You know, for search

Elasticsearch is one of my favorite piece of software. I’ve been using it since 0.11 and deployed every version since 0.17.6 in production. However, I must admit it’s sometimes a pain in the ass to manage. It can behave unexpectedly and either vomit gigabytes in your logs, or stay desperately silent.

One of those strange behaviour can happen after one or more data nodes are restarted. In a cluster running either lots of nodes or lots of shards, the post restart shard allocation can take forever and never end.

This post is about investigating and eventually fixing this behaviour. You don’t need to have a deep knowledge of Elasticsearch to understand it.

Red is dead

The first evidence something’s wrong comes from the usual cluster state query.

curl -XGET http://localhost:9200/_cluster/health?pretty
{
  "cluster_name" : "myescluster",
  "status" : "red",
  "timed_out" : false,
  "number_of_nodes" : 20,
  "number_of_data_nodes" : 16,
  "active_primary_shards" : 2558,
  "active_shards" : 5628,
  "relocating_shards" : 0,
  "initializing_shards" : 4,
  "unassigned_shards" : 22
}  

This is all but good.

The status: red is a sign your cluster is missing some primary shards. It means some data are still completely missing. As a consequence, queries on these data will fail and indexing will take a tremendous amount of time. When all the primary shards are back, the cluster switches in yellow to warn you it’s still working but your data is present.

initializing_shards: 4 is what your cluster is currently doing: bringing back your data to life.

unassigned_shards: 22 is where your lost primary shards are. The more you have there, the more data you’re missing and the more conflict you’re likely to meet.

Baby come back, won’t you pleaaaase come back?

What happened there?

When a data node leaves the cluster and comes back, Elasticsearch will bring the data back and merge the records that may have been written during the time that node was away. Since there may be lots of new data, the process can take forever, even more when some shards fail at starting.

Let’s run another query to understand the cluster state a bit better.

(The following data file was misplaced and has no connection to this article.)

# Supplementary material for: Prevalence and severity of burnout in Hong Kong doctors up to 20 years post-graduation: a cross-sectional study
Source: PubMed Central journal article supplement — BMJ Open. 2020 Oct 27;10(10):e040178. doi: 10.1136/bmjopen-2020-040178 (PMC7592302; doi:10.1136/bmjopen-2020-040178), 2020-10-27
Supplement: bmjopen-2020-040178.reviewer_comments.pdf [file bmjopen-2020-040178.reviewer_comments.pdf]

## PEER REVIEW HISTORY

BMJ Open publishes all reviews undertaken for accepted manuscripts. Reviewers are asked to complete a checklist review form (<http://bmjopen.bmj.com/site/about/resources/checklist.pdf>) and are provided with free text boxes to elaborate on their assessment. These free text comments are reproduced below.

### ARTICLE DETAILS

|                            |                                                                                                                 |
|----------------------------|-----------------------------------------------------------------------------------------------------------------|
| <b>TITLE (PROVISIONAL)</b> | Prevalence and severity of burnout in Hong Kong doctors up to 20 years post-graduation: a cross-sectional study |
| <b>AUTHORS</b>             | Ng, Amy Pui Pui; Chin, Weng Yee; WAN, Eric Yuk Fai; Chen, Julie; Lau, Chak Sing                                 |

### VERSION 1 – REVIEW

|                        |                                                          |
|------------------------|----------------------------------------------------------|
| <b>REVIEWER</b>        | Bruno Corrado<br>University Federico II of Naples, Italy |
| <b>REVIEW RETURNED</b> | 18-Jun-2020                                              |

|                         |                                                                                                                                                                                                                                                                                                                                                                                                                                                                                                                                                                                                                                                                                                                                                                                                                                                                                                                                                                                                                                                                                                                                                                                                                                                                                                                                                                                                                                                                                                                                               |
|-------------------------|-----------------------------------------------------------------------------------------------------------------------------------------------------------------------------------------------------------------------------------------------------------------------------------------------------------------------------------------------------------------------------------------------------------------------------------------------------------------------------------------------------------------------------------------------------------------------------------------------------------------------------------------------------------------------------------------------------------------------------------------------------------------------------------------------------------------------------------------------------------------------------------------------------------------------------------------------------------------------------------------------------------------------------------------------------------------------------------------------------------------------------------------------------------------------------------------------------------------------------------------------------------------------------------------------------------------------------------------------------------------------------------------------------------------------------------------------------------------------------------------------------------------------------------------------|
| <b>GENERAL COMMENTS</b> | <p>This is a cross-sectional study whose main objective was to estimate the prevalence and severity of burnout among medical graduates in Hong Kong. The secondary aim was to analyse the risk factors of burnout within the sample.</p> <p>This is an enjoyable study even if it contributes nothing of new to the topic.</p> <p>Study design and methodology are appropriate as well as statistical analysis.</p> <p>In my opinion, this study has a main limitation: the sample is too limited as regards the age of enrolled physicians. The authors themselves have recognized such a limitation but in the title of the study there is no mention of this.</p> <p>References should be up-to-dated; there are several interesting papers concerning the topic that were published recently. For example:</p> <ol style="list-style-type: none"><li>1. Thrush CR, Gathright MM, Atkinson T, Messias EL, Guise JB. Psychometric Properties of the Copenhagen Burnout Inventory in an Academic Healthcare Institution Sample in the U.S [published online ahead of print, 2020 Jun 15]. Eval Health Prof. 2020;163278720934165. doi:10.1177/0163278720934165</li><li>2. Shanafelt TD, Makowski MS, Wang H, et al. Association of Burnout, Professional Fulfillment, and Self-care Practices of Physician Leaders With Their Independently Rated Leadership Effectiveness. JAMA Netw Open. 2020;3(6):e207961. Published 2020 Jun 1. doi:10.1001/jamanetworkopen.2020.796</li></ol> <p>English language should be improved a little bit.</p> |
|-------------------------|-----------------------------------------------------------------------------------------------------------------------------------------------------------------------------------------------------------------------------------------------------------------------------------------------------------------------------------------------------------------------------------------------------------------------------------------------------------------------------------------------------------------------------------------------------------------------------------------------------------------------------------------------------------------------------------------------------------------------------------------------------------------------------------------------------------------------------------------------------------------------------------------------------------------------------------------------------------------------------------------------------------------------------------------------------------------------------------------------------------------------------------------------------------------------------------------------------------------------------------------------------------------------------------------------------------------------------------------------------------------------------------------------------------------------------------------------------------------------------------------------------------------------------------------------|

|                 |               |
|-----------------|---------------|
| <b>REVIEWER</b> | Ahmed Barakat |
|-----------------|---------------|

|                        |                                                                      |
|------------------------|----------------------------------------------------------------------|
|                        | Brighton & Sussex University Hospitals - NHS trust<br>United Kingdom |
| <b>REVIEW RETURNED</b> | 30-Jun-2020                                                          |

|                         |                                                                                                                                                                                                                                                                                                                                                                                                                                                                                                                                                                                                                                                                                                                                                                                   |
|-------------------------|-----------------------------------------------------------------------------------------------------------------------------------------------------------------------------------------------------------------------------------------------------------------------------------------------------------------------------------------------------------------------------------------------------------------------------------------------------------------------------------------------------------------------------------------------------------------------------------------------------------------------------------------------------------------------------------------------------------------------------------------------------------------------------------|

curl -XGET http://localhost:9200/_cat/shards
t37       434 p STARTED 12221982  13.8gb 10.0.0.22   datanode02
t37       434 r STARTED 12221982  13.8gb 10.0.0.23   datanode03
t37       403 p INITIALIZING 21620252  28.3gb 10.0.0.22   datanode02
t37       404 p INITIALIZING 5720596    4.9gb 10.0.0.22   datanode02
t37       20  p UNASSIGNED
t37       20  r UNASSIGNED
t37       468 p INITIALIZING  8313898  12.3gb 10.0.0.22   datanode02
t37       470 p INITIALIZING  38868416 56.8gb 10.0.0.22   datanode02
t37       37  p UNASSIGNED
t37       37  r UNASSIGNED
t37       430 r STARTED 11806144  15.8gb 10.0.0.24   datanode04
t37       430 p STARTED 11806144  15.8gb 10.0.0.25   datanode05
t37       368 p STARTED 34530372    43gb 10.0.0.25   datanode05
t37       368 r STARTED 34530372    43gb 10.0.0.23   datanode03
...

This is indeed a sample of the real output, which is actually 5628 lines long. There’s a few interesting things here I want to show you.

Every line is under the same form.

The first field, t37, is the index name. This one is obviously called t37, and it has a huge number of primary shard to store the gazillon posts I’ve written over the years.

The second field is the shard number, followed by either p if the shard is a primary one, or r if it’s a replica.

The fourth field is the shard state. It’s either UNASSIGNED, INITIALIZING or STARTED. The first 2 states are the ones we’re insterested with. If I run the previous query | grep INITIALIZING and | grep UNASSIGNED, I’ll get 4 and 22 lines respectively.

If you need a fix…

First, let’s take care of the 22 unassigned shards since they’re the easiest to fix. What we’re going to do is force the shards allocation. Since we’re lazy, let’s do some scripting here.

for shard in $(curl -XGET http://localhost:9200/_cat/shards | grep UNASSIGNED | awk '{print $2}'); do
    curl -XPOST 'localhost:9200/_cluster/reroute' -d '{
        "commands" : [ {
              "allocate" : {
                  "index" : "t37", 
                  "shard" : $shard, 
                  "node" : "datanode15", 
                  "allow_primary" : true
              }
            }
        ]
    }'
    sleep 5
done